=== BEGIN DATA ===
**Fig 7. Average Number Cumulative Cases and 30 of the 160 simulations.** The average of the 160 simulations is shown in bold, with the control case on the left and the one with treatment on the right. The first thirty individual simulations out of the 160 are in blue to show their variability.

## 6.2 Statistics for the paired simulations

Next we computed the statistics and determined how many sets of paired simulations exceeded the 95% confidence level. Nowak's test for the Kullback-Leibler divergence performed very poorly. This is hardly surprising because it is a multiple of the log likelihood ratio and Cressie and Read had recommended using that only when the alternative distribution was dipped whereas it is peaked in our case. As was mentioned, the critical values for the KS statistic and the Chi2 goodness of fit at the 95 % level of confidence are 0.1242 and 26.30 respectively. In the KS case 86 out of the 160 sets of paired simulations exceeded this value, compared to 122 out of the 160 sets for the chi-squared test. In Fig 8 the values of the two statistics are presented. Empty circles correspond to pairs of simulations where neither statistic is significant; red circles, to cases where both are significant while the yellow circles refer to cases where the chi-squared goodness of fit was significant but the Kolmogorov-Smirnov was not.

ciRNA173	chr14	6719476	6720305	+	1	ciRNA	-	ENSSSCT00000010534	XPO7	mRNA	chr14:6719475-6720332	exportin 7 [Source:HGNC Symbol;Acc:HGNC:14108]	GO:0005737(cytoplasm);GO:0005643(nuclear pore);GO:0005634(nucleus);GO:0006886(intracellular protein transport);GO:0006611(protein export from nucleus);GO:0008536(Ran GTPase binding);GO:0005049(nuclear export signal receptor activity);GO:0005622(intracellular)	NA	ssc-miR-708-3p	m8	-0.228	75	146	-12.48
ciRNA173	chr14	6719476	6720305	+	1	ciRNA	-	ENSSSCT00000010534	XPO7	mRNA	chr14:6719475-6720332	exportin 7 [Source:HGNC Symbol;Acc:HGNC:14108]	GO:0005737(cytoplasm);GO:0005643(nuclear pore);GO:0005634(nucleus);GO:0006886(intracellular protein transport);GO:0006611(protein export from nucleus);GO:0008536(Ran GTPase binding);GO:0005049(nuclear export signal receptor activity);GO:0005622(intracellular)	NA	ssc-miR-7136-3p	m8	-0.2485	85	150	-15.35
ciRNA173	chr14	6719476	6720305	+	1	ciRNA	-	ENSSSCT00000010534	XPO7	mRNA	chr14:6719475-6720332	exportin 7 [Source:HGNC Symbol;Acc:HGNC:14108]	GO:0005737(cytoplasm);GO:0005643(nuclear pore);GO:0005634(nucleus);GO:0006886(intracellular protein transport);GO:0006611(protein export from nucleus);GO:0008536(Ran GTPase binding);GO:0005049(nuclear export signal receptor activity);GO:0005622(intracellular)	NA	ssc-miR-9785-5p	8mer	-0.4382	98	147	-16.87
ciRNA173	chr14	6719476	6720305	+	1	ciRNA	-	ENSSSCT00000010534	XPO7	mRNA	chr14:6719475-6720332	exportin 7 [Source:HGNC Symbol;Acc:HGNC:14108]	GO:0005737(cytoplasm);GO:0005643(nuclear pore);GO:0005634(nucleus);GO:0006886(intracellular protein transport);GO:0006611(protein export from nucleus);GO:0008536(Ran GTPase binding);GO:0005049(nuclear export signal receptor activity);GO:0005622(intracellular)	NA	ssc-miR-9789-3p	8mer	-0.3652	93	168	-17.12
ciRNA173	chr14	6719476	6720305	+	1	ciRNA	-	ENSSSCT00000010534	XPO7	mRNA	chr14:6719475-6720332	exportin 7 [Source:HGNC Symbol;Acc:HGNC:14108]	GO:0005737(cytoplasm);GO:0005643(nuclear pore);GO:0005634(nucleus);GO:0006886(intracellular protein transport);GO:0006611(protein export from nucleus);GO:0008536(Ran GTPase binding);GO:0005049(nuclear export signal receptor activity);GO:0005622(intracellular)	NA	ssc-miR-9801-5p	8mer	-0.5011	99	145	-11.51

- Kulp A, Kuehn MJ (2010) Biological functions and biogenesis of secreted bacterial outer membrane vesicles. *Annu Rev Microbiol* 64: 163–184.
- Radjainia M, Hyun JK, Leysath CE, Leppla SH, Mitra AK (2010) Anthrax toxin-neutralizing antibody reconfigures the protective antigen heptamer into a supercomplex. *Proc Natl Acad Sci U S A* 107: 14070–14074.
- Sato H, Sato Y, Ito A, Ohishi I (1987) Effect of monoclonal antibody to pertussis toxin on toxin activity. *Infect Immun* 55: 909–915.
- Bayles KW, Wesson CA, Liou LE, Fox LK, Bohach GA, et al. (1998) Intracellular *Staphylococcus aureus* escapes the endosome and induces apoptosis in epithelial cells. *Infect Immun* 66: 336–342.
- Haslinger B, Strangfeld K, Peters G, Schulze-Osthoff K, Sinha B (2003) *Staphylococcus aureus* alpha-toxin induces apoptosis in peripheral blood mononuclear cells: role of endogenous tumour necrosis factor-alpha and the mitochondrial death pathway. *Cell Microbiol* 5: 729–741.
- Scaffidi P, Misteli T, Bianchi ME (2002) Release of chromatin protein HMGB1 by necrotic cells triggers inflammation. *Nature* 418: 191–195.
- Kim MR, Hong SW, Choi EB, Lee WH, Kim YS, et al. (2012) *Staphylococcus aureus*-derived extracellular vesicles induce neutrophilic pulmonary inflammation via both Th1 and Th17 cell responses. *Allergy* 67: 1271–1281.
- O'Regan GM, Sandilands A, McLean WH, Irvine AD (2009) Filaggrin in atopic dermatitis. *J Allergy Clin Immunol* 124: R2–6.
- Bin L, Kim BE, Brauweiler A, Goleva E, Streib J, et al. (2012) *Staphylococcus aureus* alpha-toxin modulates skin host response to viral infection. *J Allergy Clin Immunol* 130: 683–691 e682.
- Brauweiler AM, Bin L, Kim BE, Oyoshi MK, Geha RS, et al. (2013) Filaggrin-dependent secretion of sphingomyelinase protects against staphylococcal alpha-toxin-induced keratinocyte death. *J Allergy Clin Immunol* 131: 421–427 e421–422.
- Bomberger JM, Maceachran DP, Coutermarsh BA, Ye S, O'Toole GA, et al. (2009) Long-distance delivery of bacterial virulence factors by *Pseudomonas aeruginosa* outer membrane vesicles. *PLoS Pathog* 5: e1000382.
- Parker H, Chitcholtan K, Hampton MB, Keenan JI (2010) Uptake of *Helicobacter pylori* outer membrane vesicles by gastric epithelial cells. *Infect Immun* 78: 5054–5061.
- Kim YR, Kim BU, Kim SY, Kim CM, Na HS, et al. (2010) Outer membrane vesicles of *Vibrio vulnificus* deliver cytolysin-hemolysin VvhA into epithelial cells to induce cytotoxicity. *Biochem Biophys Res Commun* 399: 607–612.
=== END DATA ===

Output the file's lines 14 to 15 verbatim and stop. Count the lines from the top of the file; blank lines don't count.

- Scaffidi P, Misteli T, Bianchi ME (2002) Release of chromatin protein HMGB1 by necrotic cells triggers inflammation. *Nature* 418: 191–195.
- Kim MR, Hong SW, Choi EB, Lee WH, Kim YS, et al. (2012) *Staphylococcus aureus*-derived extracellular vesicles induce neutrophilic pulmonary inflammation via both Th1 and Th17 cell responses. *Allergy* 67: 1271–1281.